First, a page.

Monday, February 23, 2009

The Emotional Toll

The emotional stability of actors was discussed on this blog many, many months ago (if I can recover a link to that juicy conversation, I’ll re-post it). But regardless of innate stability, one thing that must take an incredible emotional toll on actors and all others involved is the closing of a show. I’m going through the withdrawal process right now with the closing of “Children’s Letters to God” last night and it sucks. And that’s after being only very tangentially involved with the whole enterprise – mostly just drove children to rehearsals and saw the show a half-dozen times or so. But seeing such a great group of folks – performers, crew, parents and families – on a regular basis had me spoiled. I never left the theater sad no matter how I was feeling when I got there. That is, until last night, when the realization sunk in that it was really over.

I don’t really know how actors cope with going through this process on a regular basis. I’m sure I’ll see some – if not all – of the people associated with the play again but the specific joy of being even a small part of this one production can’t exactly be recaptured. It seems almost like a love affair ending – and I expect for many people involved there’s at least some period of wondering how exactly you find the emotional fortitude to go on. I mean, if I’m feeling that way in my capacity largely removed from it all, I can’t imagine how people more intensely involved get past it.

I will replay in my memory my favorite moments from this show for weeks to come – Eric hitting the note at the end of “Like Everybody Else” without fail every night; Lillie’s great “turtleneck” line that never failed to make me laugh; Sean’s “Silly Old Hat” that never failed to choke me up; my dear son’s emphatic, desperate “Dear God” at the beginning of “An Only Child” – the line-reading that may most distinctly typify his off-stage attitude; and Makenzie’s clear, strong voice rising above the rest at the show’s climatic reprise of “I Know.”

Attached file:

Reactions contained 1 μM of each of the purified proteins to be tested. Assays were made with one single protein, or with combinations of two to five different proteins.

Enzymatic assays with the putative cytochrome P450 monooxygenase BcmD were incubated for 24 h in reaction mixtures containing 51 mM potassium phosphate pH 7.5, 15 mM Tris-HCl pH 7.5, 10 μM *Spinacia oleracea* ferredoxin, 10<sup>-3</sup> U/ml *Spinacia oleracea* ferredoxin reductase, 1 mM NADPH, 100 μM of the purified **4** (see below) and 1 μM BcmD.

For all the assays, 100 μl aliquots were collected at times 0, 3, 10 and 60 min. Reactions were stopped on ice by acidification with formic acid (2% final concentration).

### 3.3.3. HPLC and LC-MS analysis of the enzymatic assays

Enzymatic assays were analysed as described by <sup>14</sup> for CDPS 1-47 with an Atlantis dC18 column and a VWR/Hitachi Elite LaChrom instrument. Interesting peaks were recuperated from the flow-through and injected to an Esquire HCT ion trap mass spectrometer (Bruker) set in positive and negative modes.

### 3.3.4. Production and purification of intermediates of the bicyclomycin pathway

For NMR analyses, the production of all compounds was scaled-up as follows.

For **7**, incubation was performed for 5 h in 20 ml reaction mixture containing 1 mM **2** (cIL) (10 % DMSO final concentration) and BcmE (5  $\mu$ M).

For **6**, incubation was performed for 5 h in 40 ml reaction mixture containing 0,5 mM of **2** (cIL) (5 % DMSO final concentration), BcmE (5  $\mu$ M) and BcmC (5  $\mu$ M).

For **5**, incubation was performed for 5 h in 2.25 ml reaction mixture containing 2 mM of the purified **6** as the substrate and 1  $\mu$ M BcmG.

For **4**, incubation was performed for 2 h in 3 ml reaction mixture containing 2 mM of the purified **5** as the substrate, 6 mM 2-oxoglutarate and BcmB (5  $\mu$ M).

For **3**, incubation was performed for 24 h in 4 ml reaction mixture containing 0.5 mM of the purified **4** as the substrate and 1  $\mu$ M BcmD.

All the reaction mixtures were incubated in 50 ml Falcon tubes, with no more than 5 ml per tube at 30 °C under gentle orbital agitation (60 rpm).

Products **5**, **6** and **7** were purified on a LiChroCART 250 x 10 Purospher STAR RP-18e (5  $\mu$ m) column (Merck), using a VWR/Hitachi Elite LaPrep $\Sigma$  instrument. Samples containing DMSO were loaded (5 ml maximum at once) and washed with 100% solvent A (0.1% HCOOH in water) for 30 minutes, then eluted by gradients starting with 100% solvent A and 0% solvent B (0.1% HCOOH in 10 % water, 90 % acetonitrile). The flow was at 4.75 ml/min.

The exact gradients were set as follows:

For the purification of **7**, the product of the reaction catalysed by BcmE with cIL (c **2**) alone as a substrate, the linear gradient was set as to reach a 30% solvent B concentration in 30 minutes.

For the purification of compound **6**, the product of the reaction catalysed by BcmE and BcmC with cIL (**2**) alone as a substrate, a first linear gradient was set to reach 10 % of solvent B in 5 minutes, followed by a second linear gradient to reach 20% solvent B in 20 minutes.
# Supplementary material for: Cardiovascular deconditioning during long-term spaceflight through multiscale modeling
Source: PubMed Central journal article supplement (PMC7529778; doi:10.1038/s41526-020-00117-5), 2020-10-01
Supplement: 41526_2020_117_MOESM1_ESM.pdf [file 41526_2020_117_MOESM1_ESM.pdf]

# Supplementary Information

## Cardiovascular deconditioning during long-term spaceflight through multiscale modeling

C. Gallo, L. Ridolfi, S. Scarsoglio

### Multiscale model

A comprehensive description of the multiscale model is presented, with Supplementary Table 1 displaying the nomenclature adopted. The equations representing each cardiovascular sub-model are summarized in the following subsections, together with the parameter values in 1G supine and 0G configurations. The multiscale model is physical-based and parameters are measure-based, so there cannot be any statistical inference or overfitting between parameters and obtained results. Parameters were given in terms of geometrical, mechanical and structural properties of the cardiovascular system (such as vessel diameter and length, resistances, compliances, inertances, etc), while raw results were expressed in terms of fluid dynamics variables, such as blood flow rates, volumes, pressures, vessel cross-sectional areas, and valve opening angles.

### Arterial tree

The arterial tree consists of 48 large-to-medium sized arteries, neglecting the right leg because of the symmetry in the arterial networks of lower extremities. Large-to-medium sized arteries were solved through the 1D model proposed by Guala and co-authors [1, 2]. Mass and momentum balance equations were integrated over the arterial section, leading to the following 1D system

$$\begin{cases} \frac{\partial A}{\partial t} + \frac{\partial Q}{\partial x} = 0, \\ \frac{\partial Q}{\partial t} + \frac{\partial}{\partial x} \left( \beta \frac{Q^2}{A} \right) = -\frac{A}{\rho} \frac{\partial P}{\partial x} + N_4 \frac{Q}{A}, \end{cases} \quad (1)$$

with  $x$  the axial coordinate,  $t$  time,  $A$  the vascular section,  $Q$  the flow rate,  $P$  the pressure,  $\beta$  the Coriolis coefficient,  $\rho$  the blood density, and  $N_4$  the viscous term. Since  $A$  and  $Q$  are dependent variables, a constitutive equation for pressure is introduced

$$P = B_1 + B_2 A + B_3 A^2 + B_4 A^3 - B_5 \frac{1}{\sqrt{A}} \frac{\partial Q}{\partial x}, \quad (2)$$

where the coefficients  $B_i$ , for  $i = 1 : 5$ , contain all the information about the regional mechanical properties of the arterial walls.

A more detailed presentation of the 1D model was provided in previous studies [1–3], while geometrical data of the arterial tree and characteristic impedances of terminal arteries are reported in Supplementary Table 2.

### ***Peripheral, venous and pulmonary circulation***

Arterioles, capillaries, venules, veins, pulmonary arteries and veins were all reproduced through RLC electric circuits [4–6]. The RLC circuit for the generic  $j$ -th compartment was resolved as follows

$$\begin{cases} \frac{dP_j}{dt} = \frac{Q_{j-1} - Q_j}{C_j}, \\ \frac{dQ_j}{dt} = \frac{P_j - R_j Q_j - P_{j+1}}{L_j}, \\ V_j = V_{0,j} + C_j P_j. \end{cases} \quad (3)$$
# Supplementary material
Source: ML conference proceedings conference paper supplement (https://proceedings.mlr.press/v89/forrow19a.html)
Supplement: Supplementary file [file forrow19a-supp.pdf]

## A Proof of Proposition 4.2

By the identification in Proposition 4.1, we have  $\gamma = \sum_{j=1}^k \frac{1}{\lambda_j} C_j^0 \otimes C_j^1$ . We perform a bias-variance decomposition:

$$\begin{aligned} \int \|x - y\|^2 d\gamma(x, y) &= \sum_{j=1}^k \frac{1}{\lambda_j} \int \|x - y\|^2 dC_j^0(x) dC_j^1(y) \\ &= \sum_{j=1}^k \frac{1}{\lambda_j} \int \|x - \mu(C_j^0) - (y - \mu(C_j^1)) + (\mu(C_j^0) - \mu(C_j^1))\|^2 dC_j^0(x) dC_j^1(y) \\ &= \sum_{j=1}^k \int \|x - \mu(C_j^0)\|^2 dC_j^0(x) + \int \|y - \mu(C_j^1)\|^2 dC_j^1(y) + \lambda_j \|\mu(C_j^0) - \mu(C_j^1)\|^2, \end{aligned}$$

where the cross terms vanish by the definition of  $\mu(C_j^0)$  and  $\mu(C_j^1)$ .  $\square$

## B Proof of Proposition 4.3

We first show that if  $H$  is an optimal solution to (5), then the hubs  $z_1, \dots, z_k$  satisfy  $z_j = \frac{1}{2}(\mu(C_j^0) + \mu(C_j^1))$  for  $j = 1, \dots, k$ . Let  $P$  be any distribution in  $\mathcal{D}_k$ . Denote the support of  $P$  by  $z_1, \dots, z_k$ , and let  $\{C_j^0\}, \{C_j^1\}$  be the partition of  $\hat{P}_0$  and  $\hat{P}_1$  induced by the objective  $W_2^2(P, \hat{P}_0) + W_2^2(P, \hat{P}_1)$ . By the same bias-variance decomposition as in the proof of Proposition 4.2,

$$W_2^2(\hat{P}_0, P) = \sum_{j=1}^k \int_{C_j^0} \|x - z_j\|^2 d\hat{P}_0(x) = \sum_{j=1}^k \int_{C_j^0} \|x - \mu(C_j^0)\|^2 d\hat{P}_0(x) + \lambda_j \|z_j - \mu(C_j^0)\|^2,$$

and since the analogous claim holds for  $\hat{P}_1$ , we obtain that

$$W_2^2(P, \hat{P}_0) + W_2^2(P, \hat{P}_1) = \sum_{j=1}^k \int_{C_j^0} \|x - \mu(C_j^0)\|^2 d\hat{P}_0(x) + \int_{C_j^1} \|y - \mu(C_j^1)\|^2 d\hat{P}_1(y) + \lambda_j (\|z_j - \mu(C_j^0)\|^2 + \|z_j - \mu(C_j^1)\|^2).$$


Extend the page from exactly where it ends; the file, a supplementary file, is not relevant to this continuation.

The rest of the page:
Thank you to the cast of CLTG and the whole crew at Stage 1 for making the experience such a positive one for my family. It’s clear to me that the most powerful – and personally transformative – aspects of theater magic work their wonders out of the spotlight and after the audience has left.

3 comments:

Frank Creasy said...

This is a great subject and it's not something (in my experience anyway) actors discuss very much. But it can be a tremendous sense of loss, no question.

It gets easier the more you work in theatre. But some productions, some shows, become more like a family while some are more like a workplace. Some times you see romances develop, strong bonds of friendships formed - and yes, sometimes (though rarely) it's like a welcome divorce from certain individuals! ;>)

I guess for me the bottom line is that because theatre is so life affirming, and because you get to work exclusively with people who are PASSIONATE about what they do, that it's hard NOT to feel great loss as a general rule when a show closes. Theatre demonstrates some of the best qualities humanity has to offer. Who in the world would want to disconnect from that?

debbie said...

well said...it was an experience like no other...amazing in every way...hope we see you again soon...
debbie

jj said...

I've always called it Post Show Blues. Our friend Jose says in high school his gang called it "P squared D" (Post Production Depression).

I think Cole Porter summed it up well with "Every time we say goodbye, I die a little, Every time we say goodbye, I wonder why a little ..."

Sigh.

My experience has been that cast reunions, though well intentioned, don't sustain the celebration, camaraderie and commiseration that are present immediately after a show closes. I try to relish the feeling that only this intimate group can share right now, no matter how large or small the cast/crew/show family.

And make some emotional toll house cookies to console yourselves.